Asylum seekers in angry protest at Millstreet centre
ISSUES over living conditions, food and space brought angry asylum seekers out in protest in Millstreet this week.
On Tuesday, dozens of asylum seekers picketed the Drishane Castle in Millstreet Accommodation Centre following what they claim has been years of living in poor conditions.
Staff at the centre were advised to leave on Tuesday morning as refugees demonstrated against their living conditions. A member of staff had their car covered in graffiti and rubbish as part of the protest.
The protest followed an alleged instruction from management that the centre's children, all on their summer holidays, must be kept in their rooms when inside the centre unless accompanied by an adult.
"We came out to protest because of our situation here," Dorothy, one of the protestors, told The Corkman on Tuesday.
Dorothy fled to Ireland from Zimbabwe in 2006, at a time when President Robert Mugabe was the source of international scorn for his human rights abuses and economic mismanagement. Having spent a few months in Dublin, Dorothy was moved to Millstreet, where she has lived with her two children ever since.
Dorothy outlined a litany of her complaints against the Drishane Castle Centre, from cramped rooms to the food served. She also claimed some of the rooms were damp and there were cockroaches.
The Department of Justice this week told The Corkman that 230 people currently live in the centre, but Dorothy claimed there is not enough space to adequately house them all.
"There are people who have three children who live in one room. A woman who has four children, she, her husband and four children are living in one room," she claimed.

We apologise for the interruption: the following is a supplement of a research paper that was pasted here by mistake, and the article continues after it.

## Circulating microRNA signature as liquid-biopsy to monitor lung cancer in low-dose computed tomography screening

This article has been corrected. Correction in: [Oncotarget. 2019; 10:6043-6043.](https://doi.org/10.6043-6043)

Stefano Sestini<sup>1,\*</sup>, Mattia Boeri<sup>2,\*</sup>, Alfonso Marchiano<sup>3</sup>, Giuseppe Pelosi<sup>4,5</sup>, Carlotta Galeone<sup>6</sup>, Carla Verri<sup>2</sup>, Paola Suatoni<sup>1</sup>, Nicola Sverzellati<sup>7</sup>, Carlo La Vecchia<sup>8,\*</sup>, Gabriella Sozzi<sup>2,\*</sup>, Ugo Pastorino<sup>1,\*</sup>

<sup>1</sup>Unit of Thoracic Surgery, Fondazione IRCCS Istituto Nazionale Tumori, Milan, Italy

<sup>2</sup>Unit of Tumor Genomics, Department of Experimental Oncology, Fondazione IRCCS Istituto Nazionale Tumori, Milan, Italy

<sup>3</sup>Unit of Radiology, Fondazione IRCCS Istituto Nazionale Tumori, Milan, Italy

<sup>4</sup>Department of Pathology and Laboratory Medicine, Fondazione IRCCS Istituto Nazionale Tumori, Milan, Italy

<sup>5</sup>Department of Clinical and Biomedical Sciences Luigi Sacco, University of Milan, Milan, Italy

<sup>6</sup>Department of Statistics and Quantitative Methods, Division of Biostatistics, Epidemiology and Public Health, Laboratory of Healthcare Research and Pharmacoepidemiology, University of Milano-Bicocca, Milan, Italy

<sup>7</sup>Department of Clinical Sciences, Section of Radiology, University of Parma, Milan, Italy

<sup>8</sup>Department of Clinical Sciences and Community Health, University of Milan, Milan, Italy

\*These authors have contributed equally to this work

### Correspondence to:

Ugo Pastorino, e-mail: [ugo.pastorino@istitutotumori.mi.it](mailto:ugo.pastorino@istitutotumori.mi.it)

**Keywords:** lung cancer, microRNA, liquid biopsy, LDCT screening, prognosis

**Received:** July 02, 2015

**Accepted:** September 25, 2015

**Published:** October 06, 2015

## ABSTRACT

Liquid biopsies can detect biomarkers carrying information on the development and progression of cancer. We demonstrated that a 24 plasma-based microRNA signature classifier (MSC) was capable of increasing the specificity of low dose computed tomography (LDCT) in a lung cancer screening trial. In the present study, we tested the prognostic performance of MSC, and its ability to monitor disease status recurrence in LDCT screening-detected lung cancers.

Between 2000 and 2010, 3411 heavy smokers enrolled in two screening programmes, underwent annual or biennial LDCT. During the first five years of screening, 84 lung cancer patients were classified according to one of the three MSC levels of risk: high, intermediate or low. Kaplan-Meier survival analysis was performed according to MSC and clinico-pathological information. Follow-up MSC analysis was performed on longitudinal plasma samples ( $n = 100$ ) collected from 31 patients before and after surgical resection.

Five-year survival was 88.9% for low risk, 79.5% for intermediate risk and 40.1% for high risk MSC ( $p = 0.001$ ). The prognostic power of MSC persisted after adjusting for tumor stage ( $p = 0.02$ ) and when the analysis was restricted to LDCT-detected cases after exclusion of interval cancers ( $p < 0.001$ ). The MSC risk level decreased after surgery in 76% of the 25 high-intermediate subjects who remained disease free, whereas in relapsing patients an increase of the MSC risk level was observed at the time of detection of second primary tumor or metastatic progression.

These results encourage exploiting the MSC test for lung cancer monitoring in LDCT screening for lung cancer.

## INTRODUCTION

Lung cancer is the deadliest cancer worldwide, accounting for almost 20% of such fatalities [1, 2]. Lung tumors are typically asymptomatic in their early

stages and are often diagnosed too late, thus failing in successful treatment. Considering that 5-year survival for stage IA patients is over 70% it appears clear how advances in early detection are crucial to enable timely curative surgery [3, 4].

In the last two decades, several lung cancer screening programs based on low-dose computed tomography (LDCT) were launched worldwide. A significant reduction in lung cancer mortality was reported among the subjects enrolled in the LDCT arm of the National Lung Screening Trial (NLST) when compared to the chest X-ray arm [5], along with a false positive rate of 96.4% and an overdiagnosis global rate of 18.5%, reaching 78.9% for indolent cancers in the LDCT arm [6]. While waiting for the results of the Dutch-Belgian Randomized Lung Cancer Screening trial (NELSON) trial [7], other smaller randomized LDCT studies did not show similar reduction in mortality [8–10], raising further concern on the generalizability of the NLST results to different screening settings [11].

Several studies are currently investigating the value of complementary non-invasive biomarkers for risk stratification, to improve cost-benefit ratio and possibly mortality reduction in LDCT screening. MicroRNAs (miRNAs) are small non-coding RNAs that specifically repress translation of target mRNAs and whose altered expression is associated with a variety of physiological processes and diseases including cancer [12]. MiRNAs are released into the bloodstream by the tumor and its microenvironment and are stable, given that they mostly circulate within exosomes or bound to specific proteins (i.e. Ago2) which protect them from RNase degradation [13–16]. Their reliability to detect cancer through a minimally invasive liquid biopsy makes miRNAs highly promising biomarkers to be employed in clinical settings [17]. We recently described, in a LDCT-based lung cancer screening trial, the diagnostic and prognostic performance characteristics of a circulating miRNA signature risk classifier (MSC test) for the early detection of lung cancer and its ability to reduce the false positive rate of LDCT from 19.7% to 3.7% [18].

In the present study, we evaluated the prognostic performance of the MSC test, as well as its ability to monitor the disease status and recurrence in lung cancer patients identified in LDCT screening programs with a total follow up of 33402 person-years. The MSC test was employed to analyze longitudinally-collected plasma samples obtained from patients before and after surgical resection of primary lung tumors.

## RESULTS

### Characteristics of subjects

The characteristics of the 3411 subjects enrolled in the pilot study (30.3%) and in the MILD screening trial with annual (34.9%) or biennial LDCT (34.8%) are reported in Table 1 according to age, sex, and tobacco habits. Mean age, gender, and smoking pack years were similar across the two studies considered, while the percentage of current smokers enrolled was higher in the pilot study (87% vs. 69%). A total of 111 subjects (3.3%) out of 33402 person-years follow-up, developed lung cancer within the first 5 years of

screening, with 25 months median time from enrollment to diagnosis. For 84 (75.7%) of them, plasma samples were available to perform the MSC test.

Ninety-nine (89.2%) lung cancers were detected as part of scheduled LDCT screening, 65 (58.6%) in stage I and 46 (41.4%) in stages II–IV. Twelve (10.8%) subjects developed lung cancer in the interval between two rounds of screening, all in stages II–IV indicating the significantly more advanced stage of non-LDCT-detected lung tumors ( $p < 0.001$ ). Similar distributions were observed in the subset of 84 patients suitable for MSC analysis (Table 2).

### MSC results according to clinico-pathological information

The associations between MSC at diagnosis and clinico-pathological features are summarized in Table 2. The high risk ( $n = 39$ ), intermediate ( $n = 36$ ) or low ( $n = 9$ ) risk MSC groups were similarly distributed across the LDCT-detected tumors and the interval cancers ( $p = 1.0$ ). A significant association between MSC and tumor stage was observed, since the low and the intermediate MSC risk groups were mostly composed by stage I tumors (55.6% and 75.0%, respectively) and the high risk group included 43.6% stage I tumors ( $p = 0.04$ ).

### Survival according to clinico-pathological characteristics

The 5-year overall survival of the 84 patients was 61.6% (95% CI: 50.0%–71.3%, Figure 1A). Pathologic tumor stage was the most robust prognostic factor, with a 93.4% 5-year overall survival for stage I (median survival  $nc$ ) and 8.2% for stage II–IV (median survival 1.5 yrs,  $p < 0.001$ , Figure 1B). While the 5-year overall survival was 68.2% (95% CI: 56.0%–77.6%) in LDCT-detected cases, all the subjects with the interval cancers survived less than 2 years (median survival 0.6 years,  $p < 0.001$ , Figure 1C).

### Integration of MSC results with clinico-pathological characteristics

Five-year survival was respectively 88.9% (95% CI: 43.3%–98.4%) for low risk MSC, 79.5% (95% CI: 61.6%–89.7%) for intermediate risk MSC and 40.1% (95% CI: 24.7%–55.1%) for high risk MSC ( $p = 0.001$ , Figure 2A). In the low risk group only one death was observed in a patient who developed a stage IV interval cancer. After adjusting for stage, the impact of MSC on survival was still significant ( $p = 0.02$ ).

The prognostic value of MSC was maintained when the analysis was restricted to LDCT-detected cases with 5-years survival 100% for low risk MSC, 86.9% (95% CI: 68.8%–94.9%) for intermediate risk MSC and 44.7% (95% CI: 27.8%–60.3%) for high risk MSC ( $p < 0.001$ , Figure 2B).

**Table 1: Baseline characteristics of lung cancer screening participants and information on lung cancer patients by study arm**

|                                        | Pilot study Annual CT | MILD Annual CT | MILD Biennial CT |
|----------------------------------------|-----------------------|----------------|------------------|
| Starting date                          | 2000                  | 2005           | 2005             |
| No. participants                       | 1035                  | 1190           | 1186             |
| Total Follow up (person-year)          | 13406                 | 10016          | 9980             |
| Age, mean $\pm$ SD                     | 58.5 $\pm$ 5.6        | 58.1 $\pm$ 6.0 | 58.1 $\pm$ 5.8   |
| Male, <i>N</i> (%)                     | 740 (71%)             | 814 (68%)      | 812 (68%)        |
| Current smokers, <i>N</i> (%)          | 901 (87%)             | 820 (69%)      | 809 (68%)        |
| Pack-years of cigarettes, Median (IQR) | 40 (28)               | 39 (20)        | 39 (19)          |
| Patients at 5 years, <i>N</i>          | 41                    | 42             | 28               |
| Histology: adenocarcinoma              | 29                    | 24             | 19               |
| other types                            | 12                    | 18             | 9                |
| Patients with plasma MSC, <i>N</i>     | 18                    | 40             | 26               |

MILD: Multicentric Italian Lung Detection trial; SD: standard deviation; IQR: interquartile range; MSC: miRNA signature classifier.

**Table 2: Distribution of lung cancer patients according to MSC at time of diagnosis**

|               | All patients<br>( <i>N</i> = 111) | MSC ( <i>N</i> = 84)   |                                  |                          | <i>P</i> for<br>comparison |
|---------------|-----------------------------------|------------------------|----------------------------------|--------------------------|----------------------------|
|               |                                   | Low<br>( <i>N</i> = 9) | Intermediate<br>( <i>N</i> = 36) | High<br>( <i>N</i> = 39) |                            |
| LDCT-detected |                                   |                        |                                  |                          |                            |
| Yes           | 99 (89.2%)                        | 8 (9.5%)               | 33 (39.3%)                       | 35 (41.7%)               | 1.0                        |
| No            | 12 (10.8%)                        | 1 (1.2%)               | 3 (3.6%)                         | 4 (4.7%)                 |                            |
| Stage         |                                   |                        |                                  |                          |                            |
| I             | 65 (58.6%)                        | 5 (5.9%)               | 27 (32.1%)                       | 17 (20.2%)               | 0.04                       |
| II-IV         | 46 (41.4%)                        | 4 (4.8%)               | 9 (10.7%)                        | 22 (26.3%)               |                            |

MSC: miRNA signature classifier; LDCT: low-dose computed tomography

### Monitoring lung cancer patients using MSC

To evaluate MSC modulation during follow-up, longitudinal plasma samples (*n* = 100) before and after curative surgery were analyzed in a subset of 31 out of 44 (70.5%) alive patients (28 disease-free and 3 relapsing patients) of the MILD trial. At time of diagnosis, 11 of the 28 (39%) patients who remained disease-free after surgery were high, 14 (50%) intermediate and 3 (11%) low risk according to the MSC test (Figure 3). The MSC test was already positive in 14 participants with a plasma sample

Matters came to a head this week, Dorothy explained, following the instruction to stop children playing in the corridors unless accompanied by an adult.
"Yesterday we held a meeting, the kids have nowhere to play. They don't have a playing area or a TV room where they can sit down together, there's nothing like that."
"Why would the kids be in their room? This is summer, they don't have anything to play with. They don't have a swing, they don't have a see-saw," she added.
However, photos taken by our photographer clearly show a swing on the grounds outside the building. However, residents say this is close to a river, without any fencing to safeguard the children.
A Department of Justice spokesperson said that all centres are subject to surprise inspections.
"All centres are subject to unannounced inspections by both RIA (Reception & Integration Agency) staff and an independent company called QTS. As far as possible, accommodation centres are inspected three times annually.
"In addition, RIA staff visit centres to conduct 'clinics' where residents can speak one to one with RIA staff without management being present," the spokesperson said.
The Corkman understands that the owners of the centre had agreed to meet with the residents to try to resolve the residents' issues following the protest on Tuesday.
Thomas Duggan of Millstreet Equestrian Services, which runs the centre, agreed to meet with residents on Wednesday, according to reports.
Insp Tony Sugrue of Kanturk Garda station also confirmed that gardaí in Millstreet will also hold a monthly clinic in the centre to address issues that require Garda assistance.